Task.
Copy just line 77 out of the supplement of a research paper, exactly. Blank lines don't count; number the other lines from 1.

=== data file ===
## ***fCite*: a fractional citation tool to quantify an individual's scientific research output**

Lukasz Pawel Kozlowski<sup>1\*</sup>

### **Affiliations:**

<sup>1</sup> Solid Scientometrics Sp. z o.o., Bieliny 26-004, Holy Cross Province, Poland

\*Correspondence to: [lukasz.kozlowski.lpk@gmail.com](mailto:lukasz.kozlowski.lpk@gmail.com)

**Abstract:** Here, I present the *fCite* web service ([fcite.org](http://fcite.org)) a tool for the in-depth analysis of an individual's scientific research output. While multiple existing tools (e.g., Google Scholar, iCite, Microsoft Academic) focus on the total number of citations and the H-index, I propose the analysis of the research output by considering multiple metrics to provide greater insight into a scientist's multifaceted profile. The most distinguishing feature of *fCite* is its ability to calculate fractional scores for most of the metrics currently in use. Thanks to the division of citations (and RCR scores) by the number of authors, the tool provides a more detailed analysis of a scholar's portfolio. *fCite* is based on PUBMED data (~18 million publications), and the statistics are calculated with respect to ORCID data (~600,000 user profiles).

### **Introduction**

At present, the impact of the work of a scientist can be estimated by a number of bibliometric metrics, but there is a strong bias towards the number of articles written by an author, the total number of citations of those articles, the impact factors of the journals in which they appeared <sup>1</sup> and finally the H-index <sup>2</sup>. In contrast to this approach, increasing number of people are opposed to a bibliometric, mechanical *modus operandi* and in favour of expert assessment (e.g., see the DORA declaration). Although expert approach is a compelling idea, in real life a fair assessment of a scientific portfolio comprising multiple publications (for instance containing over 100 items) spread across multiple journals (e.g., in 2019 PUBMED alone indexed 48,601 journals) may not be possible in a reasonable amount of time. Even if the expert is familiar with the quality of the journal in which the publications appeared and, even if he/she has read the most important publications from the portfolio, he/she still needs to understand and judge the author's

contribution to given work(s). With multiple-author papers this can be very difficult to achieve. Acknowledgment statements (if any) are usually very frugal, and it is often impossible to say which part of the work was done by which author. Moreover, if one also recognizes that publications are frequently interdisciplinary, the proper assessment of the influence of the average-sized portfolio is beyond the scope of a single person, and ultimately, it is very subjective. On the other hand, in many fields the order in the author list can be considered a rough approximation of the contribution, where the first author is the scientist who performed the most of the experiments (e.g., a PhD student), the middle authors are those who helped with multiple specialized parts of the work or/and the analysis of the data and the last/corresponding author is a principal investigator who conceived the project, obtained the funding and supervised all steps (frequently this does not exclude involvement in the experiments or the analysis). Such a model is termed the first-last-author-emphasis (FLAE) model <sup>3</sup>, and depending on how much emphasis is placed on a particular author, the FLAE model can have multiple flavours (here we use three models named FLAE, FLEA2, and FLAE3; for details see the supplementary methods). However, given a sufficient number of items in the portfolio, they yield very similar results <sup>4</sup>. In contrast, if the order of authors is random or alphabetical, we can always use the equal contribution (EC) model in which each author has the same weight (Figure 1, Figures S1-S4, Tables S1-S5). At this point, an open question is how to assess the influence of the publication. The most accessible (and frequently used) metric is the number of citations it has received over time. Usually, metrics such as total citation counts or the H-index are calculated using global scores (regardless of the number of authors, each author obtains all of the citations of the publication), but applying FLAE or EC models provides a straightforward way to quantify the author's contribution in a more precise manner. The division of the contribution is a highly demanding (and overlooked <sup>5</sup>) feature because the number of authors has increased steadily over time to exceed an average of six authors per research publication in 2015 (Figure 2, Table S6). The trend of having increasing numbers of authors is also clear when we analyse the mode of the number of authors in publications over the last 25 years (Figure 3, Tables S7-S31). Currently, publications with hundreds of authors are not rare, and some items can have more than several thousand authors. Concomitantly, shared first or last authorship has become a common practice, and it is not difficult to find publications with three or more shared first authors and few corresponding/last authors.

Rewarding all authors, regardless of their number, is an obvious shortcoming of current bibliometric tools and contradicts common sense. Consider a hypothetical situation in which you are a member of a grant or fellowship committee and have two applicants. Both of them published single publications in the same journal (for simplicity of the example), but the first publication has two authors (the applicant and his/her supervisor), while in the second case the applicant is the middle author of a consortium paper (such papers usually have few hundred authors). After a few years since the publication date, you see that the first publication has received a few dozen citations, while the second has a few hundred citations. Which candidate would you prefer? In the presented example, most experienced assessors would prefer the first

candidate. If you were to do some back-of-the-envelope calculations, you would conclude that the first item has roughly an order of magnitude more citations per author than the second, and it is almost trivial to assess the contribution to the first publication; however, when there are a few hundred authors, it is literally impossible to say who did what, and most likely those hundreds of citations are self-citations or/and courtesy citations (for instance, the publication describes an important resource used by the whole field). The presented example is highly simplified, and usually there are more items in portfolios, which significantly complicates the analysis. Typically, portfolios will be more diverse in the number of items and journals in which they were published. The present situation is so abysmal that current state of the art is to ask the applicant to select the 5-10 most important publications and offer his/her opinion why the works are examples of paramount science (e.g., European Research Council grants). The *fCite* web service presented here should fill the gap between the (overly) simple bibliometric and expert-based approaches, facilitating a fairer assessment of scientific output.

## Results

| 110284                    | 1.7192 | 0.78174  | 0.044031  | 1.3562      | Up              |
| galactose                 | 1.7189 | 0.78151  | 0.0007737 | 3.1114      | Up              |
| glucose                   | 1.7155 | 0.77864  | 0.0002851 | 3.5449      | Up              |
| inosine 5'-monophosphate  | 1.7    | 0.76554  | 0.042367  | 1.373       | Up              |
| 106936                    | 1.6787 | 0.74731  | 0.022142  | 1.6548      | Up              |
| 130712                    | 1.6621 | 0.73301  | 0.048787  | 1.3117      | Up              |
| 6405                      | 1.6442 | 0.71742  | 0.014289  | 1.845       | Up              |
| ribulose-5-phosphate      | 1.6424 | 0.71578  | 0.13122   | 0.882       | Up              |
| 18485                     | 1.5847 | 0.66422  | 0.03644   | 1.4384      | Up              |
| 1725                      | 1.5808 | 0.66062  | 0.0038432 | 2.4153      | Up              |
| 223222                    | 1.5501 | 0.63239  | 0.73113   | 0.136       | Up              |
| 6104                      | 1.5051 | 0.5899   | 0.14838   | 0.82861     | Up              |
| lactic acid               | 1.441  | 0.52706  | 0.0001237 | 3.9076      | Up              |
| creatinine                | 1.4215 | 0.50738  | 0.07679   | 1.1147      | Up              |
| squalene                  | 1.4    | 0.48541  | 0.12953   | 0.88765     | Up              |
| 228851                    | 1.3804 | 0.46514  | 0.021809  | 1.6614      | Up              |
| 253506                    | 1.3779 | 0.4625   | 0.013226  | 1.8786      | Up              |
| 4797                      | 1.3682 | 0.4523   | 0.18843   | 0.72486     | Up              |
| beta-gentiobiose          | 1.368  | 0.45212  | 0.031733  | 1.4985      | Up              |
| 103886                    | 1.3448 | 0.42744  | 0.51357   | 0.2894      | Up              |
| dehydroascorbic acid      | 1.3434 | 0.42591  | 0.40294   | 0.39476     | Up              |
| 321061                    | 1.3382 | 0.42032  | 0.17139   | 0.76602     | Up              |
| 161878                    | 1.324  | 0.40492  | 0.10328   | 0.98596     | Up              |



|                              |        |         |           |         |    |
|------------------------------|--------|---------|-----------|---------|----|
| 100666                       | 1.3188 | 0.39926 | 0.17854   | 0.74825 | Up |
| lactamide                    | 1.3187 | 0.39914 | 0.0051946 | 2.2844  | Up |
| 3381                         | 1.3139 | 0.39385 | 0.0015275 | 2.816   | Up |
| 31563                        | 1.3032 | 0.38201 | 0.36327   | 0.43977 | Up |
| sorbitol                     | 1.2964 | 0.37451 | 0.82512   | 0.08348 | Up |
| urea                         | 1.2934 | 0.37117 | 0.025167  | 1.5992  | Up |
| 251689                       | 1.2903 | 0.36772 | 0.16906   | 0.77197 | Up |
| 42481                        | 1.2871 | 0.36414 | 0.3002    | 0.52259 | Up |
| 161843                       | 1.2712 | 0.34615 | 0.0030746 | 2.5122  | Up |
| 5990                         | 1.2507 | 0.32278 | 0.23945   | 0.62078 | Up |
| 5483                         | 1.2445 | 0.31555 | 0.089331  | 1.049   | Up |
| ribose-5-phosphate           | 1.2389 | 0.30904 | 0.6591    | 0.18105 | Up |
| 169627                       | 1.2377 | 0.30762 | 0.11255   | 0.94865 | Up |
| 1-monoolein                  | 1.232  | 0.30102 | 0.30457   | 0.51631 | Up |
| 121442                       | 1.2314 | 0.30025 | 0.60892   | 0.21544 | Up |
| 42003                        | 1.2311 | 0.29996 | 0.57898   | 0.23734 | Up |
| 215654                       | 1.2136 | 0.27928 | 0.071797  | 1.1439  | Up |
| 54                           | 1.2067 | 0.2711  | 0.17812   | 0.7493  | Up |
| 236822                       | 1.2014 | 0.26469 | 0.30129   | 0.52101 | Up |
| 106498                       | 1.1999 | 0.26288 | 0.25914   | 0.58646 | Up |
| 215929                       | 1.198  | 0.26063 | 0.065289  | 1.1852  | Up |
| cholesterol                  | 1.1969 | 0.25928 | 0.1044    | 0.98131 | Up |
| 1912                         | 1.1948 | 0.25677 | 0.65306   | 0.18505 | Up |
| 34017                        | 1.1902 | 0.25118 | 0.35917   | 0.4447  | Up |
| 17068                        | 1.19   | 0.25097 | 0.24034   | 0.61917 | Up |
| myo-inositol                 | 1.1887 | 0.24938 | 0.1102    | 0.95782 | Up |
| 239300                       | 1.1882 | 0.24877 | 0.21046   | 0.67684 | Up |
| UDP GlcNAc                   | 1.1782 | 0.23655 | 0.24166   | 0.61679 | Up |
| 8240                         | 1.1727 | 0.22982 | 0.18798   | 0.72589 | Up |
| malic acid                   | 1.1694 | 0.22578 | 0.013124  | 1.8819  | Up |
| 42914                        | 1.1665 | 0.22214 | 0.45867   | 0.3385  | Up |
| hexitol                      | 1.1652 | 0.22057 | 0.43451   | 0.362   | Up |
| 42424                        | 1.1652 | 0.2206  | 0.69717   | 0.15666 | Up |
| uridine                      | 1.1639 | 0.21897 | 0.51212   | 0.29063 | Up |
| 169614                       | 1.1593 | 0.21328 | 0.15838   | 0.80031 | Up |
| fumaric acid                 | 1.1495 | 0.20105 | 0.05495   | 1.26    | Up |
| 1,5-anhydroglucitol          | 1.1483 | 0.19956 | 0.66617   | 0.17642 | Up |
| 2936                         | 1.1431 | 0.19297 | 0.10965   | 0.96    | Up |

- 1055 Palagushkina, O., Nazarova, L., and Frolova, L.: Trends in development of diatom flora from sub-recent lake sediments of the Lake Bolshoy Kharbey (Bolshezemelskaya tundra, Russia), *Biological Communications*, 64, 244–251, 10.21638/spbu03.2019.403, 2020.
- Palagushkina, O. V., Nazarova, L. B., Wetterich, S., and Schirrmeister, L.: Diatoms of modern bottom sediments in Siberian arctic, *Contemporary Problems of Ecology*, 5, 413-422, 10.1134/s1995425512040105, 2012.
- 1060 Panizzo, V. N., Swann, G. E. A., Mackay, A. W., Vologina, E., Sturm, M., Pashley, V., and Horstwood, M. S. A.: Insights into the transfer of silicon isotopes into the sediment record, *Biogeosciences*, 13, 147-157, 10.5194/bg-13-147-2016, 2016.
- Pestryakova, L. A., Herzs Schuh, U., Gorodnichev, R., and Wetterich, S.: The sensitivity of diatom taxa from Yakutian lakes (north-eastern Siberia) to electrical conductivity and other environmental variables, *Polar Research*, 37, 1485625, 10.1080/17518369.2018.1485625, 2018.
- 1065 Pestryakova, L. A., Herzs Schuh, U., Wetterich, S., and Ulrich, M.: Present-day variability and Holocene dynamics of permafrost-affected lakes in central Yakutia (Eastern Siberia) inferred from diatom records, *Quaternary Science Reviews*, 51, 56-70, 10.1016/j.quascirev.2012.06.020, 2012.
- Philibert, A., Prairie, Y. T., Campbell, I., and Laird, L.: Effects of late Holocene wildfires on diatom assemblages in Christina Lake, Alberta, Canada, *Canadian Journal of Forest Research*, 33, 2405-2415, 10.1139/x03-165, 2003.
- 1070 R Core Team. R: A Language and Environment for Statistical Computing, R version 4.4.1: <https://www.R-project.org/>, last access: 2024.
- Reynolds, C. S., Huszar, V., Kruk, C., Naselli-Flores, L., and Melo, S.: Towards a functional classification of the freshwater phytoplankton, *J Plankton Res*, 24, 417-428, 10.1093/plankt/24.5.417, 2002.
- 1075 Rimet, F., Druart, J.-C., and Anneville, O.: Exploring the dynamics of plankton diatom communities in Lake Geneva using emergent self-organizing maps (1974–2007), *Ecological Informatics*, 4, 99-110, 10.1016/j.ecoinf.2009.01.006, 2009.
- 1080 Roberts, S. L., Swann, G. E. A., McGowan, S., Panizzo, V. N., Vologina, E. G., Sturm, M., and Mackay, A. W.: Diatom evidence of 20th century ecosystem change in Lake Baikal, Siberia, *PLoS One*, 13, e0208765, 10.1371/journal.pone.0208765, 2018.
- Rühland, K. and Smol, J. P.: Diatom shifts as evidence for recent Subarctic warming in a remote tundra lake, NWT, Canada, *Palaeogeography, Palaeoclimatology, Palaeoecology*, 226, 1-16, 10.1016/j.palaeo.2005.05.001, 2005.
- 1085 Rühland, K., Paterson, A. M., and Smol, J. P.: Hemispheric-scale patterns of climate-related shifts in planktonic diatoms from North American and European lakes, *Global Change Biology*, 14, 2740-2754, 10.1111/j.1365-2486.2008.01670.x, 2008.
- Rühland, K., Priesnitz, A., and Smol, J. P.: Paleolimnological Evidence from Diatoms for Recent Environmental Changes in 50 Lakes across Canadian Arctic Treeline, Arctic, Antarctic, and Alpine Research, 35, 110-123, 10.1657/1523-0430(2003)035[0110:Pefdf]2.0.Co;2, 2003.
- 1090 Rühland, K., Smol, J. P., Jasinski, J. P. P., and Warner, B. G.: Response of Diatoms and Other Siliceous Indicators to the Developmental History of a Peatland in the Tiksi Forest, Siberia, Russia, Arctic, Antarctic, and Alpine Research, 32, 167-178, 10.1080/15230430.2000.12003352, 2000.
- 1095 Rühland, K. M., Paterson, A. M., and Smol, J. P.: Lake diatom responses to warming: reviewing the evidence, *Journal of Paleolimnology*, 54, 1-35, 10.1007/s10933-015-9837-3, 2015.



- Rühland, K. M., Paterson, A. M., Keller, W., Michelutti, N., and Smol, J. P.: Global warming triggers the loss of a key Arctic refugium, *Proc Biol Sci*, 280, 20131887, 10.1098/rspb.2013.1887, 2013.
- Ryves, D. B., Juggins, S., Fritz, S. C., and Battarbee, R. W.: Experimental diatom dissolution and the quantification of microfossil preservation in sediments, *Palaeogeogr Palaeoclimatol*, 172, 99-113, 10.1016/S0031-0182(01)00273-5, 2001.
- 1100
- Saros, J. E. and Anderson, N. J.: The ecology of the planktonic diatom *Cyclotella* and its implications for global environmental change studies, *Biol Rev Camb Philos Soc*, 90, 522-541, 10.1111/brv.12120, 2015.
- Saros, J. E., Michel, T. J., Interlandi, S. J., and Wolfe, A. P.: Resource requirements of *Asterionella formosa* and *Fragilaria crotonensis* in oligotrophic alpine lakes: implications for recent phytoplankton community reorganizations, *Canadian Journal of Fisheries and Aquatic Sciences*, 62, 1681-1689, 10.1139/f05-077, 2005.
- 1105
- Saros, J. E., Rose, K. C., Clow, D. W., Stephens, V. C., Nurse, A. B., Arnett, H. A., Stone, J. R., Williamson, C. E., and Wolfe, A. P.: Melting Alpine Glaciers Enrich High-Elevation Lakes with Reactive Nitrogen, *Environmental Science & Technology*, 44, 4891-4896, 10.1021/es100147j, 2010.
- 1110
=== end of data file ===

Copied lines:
- Palagushkina, O. V., Nazarova, L. B., Wetterich, S., and Schirrmeister, L.: Diatoms of modern bottom sediments in Siberian arctic, *Contemporary Problems of Ecology*, 5, 413-422, 10.1134/s1995425512040105, 2012.